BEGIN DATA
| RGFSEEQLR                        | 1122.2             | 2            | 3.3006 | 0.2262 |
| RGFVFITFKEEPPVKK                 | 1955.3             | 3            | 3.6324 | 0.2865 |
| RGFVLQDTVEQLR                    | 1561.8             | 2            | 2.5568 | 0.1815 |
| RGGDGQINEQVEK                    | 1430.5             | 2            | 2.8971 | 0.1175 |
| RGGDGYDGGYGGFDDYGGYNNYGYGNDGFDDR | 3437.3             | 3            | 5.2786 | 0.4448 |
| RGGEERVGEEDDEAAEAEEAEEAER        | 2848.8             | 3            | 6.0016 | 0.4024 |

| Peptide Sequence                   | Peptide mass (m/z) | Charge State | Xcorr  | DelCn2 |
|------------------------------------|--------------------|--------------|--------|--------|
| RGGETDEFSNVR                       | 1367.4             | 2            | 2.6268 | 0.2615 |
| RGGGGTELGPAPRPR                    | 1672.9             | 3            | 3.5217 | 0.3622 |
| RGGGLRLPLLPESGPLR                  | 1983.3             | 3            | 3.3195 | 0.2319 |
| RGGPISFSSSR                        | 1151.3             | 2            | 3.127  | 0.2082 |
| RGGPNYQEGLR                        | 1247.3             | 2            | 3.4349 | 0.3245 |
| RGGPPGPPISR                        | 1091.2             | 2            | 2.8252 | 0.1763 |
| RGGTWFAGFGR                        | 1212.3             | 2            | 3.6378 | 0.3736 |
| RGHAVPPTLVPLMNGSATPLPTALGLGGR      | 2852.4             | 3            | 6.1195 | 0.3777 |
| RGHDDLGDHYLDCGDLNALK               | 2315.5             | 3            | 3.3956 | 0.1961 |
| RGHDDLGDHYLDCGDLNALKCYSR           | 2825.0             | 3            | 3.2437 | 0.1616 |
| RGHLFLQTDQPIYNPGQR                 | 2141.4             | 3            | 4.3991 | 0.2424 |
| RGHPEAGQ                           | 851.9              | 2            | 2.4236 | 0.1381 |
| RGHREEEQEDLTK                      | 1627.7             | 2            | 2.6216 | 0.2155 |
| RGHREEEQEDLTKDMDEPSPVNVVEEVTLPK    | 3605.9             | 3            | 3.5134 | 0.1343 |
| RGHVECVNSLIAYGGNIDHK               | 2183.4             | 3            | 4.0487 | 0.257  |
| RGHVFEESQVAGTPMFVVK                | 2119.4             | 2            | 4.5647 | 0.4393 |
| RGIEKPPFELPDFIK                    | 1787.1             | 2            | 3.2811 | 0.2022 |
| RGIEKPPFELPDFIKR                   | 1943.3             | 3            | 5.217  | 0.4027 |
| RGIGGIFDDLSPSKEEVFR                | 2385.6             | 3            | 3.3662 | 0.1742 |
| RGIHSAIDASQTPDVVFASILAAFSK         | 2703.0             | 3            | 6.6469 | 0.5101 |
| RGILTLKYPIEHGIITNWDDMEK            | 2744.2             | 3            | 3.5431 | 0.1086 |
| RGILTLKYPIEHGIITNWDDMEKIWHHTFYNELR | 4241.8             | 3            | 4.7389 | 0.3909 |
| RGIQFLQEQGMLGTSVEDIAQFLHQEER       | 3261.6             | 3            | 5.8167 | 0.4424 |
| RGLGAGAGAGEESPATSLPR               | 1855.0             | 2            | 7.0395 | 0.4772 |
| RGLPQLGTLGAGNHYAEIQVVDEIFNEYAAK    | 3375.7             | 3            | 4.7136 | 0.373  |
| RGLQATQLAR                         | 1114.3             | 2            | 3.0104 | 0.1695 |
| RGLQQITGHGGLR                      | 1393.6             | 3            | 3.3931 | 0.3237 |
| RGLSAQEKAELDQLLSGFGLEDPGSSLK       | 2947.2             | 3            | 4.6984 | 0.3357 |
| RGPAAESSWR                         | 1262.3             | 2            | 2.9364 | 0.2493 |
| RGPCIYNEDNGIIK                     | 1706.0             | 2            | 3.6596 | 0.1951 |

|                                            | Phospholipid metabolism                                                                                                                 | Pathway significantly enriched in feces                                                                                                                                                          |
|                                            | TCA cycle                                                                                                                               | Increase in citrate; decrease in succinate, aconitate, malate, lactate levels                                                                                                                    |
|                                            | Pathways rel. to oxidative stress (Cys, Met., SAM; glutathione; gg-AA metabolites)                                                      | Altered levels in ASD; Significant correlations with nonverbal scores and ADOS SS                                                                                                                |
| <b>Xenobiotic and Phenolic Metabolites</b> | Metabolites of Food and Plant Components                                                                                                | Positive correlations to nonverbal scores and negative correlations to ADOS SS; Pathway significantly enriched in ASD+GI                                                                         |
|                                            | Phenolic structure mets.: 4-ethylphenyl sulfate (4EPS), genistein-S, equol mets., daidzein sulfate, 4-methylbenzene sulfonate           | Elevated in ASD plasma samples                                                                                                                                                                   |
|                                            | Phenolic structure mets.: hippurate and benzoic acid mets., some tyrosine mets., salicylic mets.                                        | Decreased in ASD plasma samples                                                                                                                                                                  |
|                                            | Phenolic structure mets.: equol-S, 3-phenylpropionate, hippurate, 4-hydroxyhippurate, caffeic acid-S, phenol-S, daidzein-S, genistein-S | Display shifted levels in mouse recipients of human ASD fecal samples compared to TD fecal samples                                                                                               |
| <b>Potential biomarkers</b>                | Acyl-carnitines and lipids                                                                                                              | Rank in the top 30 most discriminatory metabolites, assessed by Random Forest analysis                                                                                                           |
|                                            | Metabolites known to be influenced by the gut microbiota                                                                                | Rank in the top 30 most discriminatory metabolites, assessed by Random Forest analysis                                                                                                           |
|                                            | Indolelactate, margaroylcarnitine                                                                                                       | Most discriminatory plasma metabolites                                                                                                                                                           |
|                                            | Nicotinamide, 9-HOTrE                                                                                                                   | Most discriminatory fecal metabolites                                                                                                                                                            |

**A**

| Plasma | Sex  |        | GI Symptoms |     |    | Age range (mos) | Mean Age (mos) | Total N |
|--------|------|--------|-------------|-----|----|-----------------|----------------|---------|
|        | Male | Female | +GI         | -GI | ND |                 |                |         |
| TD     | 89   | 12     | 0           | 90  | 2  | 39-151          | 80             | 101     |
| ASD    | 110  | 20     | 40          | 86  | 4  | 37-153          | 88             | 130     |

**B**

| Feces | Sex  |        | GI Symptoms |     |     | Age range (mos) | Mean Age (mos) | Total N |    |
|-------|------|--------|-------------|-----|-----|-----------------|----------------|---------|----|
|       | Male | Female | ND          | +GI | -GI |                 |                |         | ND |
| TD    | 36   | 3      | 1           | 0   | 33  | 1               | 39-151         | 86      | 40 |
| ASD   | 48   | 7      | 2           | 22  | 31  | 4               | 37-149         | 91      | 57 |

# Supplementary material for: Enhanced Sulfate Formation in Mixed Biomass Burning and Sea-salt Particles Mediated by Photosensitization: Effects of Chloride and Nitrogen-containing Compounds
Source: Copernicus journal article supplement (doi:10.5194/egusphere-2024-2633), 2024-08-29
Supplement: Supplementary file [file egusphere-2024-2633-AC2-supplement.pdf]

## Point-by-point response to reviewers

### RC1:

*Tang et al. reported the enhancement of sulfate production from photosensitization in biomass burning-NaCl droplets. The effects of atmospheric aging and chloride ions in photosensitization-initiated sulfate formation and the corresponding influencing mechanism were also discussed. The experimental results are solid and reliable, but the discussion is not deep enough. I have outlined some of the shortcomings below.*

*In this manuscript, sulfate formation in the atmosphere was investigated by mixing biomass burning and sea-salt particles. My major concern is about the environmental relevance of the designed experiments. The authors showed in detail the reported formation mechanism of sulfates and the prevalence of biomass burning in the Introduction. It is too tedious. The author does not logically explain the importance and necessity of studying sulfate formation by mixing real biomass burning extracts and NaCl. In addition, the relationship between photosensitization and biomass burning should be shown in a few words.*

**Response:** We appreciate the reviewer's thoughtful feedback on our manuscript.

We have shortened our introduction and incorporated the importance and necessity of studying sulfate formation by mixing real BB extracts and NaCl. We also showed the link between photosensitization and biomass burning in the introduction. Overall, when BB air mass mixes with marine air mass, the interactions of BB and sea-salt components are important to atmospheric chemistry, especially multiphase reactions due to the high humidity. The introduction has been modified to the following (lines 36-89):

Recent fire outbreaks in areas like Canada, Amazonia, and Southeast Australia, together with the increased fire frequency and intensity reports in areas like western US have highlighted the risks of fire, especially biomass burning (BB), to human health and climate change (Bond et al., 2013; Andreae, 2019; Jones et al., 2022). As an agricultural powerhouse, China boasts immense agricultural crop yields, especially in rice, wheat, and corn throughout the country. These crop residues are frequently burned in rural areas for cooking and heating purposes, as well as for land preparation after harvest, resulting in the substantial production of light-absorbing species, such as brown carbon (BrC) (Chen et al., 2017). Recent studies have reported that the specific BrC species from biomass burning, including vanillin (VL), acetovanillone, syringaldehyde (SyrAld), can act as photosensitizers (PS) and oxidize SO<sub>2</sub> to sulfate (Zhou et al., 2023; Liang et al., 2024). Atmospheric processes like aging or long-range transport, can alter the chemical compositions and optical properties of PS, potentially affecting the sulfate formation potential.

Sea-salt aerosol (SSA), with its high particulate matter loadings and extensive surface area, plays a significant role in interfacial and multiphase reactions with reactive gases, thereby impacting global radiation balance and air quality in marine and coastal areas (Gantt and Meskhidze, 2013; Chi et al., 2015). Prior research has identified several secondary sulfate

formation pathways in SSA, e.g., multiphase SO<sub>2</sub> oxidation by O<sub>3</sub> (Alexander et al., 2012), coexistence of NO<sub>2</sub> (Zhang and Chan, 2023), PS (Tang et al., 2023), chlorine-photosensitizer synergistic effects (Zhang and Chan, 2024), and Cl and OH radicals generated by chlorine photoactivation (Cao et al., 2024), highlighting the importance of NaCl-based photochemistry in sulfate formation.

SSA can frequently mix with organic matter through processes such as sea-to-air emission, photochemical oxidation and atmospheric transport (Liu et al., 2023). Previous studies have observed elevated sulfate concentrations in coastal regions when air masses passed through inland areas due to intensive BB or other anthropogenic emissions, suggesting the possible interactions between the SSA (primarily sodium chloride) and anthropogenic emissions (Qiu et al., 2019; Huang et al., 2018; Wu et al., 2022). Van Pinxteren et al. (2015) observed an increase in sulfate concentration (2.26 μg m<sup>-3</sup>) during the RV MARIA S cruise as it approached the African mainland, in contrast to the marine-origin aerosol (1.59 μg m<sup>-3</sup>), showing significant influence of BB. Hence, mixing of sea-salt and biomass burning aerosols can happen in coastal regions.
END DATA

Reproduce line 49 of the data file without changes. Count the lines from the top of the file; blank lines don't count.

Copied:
|                                            | Nicotinamide, 9-HOTrE                                                                                                                   | Most discriminatory fecal metabolites                                                                                                                                                            |